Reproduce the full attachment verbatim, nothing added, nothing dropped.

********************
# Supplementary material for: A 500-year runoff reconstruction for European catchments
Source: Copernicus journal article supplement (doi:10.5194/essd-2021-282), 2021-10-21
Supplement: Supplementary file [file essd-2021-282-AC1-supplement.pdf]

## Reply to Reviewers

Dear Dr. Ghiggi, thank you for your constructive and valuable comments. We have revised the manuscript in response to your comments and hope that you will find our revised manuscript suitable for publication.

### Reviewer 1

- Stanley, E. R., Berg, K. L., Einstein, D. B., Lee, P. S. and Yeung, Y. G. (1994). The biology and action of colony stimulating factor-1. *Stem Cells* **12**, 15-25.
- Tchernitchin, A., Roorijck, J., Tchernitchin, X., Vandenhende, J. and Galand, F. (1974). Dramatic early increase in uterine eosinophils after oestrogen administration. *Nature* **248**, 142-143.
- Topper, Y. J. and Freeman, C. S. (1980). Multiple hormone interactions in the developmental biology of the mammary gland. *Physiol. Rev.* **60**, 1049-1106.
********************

# Supplementary material for: A 500-year runoff reconstruction for European catchments
Source: Copernicus journal article supplement (doi:10.5194/essd-2021-282), 2021-10-21
Supplement: Supplementary file [file essd-2021-282-AC1-supplement.pdf]

## Reply to Reviewers

Dear Dr. Ghiggi, thank you for your constructive and valuable comments. We have revised the manuscript in response to your comments and hope that you will find our revised manuscript suitable for publication.

### Reviewer 1

- Stanley, E. R., Berg, K. L., Einstein, D. B., Lee, P. S. and Yeung, Y. G. (1994). The biology and action of colony stimulating factor-1. *Stem Cells* **12**, 15-25.
- Tchernitchin, A., Roorijck, J., Tchernitchin, X., Vandenhende, J. and Galand, F. (1974). Dramatic early increase in uterine eosinophils after oestrogen administration. *Nature* **248**, 142-143.
- Topper, Y. J. and Freeman, C. S. (1980). Multiple hormone interactions in the developmental biology of the mammary gland. *Physiol. Rev.* **60**, 1049-1106.